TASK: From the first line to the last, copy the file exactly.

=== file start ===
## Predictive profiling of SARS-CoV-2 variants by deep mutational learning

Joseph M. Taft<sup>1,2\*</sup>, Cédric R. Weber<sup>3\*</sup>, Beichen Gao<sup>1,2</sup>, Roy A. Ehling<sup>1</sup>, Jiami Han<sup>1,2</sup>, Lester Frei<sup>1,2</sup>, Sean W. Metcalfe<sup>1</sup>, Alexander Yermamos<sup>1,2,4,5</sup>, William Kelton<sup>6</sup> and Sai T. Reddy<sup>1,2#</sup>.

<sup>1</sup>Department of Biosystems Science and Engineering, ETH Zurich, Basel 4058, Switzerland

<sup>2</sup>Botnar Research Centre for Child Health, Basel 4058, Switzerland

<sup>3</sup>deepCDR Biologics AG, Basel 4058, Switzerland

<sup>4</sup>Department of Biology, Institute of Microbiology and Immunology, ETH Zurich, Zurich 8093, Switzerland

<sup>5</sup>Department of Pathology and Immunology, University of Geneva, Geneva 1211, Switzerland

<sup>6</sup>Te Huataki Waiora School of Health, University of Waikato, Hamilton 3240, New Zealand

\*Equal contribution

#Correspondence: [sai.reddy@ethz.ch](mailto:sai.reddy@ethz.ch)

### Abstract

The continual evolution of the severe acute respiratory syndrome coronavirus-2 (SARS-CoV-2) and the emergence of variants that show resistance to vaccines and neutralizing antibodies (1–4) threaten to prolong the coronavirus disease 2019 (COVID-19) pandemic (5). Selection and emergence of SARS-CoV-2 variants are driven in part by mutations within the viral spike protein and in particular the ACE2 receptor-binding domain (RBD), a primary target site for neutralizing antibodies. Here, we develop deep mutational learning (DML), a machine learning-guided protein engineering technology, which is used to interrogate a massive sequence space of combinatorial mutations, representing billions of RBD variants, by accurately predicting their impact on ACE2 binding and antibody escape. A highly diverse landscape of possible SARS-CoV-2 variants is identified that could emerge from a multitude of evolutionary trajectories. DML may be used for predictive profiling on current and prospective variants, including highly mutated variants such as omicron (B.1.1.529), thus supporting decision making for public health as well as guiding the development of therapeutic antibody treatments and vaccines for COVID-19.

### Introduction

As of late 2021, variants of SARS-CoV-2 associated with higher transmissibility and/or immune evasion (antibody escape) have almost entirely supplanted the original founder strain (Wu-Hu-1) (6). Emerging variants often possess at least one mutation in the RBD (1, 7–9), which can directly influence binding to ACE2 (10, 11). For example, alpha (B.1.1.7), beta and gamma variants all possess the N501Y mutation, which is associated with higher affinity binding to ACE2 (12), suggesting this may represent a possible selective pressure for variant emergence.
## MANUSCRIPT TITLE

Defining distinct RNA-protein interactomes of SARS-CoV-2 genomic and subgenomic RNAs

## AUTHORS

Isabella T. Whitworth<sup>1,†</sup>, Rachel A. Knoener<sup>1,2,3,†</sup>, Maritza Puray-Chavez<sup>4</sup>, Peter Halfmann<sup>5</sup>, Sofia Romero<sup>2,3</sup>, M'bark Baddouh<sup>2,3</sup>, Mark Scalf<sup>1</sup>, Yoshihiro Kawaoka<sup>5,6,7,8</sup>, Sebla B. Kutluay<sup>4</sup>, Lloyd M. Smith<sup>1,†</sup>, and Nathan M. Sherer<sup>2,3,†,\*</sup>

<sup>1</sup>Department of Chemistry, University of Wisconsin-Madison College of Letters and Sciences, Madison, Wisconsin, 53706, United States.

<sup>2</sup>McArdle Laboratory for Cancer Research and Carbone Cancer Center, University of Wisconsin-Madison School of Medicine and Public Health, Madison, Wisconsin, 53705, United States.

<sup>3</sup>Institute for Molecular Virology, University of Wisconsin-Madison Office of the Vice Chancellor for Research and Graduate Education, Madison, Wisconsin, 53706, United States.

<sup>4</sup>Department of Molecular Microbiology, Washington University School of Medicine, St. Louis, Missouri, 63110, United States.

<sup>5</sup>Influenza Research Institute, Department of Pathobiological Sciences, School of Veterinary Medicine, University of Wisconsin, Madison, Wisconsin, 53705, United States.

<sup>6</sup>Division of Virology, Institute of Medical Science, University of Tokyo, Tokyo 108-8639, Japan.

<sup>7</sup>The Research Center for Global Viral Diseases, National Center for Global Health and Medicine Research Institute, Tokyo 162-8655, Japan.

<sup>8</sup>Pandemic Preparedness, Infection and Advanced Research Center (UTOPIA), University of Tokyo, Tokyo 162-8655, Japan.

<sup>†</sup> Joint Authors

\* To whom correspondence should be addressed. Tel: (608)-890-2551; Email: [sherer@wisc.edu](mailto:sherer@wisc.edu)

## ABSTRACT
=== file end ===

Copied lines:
## Predictive profiling of SARS-CoV-2 variants by deep mutational learning

Joseph M. Taft<sup>1,2\*</sup>, Cédric R. Weber<sup>3\*</sup>, Beichen Gao<sup>1,2</sup>, Roy A. Ehling<sup>1</sup>, Jiami Han<sup>1,2</sup>, Lester Frei<sup>1,2</sup>, Sean W. Metcalfe<sup>1</sup>, Alexander Yermamos<sup>1,2,4,5</sup>, William Kelton<sup>6</sup> and Sai T. Reddy<sup>1,2#</sup>.

<sup>1</sup>Department of Biosystems Science and Engineering, ETH Zurich, Basel 4058, Switzerland

<sup>2</sup>Botnar Research Centre for Child Health, Basel 4058, Switzerland

<sup>3</sup>deepCDR Biologics AG, Basel 4058, Switzerland

<sup>4</sup>Department of Biology, Institute of Microbiology and Immunology, ETH Zurich, Zurich 8093, Switzerland

<sup>5</sup>Department of Pathology and Immunology, University of Geneva, Geneva 1211, Switzerland

<sup>6</sup>Te Huataki Waiora School of Health, University of Waikato, Hamilton 3240, New Zealand

\*Equal contribution

#Correspondence: [sai.reddy@ethz.ch](mailto:sai.reddy@ethz.ch)

### Abstract

The continual evolution of the severe acute respiratory syndrome coronavirus-2 (SARS-CoV-2) and the emergence of variants that show resistance to vaccines and neutralizing antibodies (1–4) threaten to prolong the coronavirus disease 2019 (COVID-19) pandemic (5). Selection and emergence of SARS-CoV-2 variants are driven in part by mutations within the viral spike protein and in particular the ACE2 receptor-binding domain (RBD), a primary target site for neutralizing antibodies. Here, we develop deep mutational learning (DML), a machine learning-guided protein engineering technology, which is used to interrogate a massive sequence space of combinatorial mutations, representing billions of RBD variants, by accurately predicting their impact on ACE2 binding and antibody escape. A highly diverse landscape of possible SARS-CoV-2 variants is identified that could emerge from a multitude of evolutionary trajectories. DML may be used for predictive profiling on current and prospective variants, including highly mutated variants such as omicron (B.1.1.529), thus supporting decision making for public health as well as guiding the development of therapeutic antibody treatments and vaccines for COVID-19.

### Introduction

As of late 2021, variants of SARS-CoV-2 associated with higher transmissibility and/or immune evasion (antibody escape) have almost entirely supplanted the original founder strain (Wu-Hu-1) (6). Emerging variants often possess at least one mutation in the RBD (1, 7–9), which can directly influence binding to ACE2 (10, 11). For example, alpha (B.1.1.7), beta and gamma variants all possess the N501Y mutation, which is associated with higher affinity binding to ACE2 (12), suggesting this may represent a possible selective pressure for variant emergence.
## MANUSCRIPT TITLE

Defining distinct RNA-protein interactomes of SARS-CoV-2 genomic and subgenomic RNAs

## AUTHORS

Isabella T. Whitworth<sup>1,†</sup>, Rachel A. Knoener<sup>1,2,3,†</sup>, Maritza Puray-Chavez<sup>4</sup>, Peter Halfmann<sup>5</sup>, Sofia Romero<sup>2,3</sup>, M'bark Baddouh<sup>2,3</sup>, Mark Scalf<sup>1</sup>, Yoshihiro Kawaoka<sup>5,6,7,8</sup>, Sebla B. Kutluay<sup>4</sup>, Lloyd M. Smith<sup>1,†</sup>, and Nathan M. Sherer<sup>2,3,†,\*</sup>

<sup>1</sup>Department of Chemistry, University of Wisconsin-Madison College of Letters and Sciences, Madison, Wisconsin, 53706, United States.

<sup>2</sup>McArdle Laboratory for Cancer Research and Carbone Cancer Center, University of Wisconsin-Madison School of Medicine and Public Health, Madison, Wisconsin, 53705, United States.

<sup>3</sup>Institute for Molecular Virology, University of Wisconsin-Madison Office of the Vice Chancellor for Research and Graduate Education, Madison, Wisconsin, 53706, United States.

<sup>4</sup>Department of Molecular Microbiology, Washington University School of Medicine, St. Louis, Missouri, 63110, United States.

<sup>5</sup>Influenza Research Institute, Department of Pathobiological Sciences, School of Veterinary Medicine, University of Wisconsin, Madison, Wisconsin, 53705, United States.

<sup>6</sup>Division of Virology, Institute of Medical Science, University of Tokyo, Tokyo 108-8639, Japan.

<sup>7</sup>The Research Center for Global Viral Diseases, National Center for Global Health and Medicine Research Institute, Tokyo 162-8655, Japan.

<sup>8</sup>Pandemic Preparedness, Infection and Advanced Research Center (UTOPIA), University of Tokyo, Tokyo 162-8655, Japan.

<sup>†</sup> Joint Authors

\* To whom correspondence should be addressed. Tel: (608)-890-2551; Email: [sherer@wisc.edu](mailto:sherer@wisc.edu)

## ABSTRACT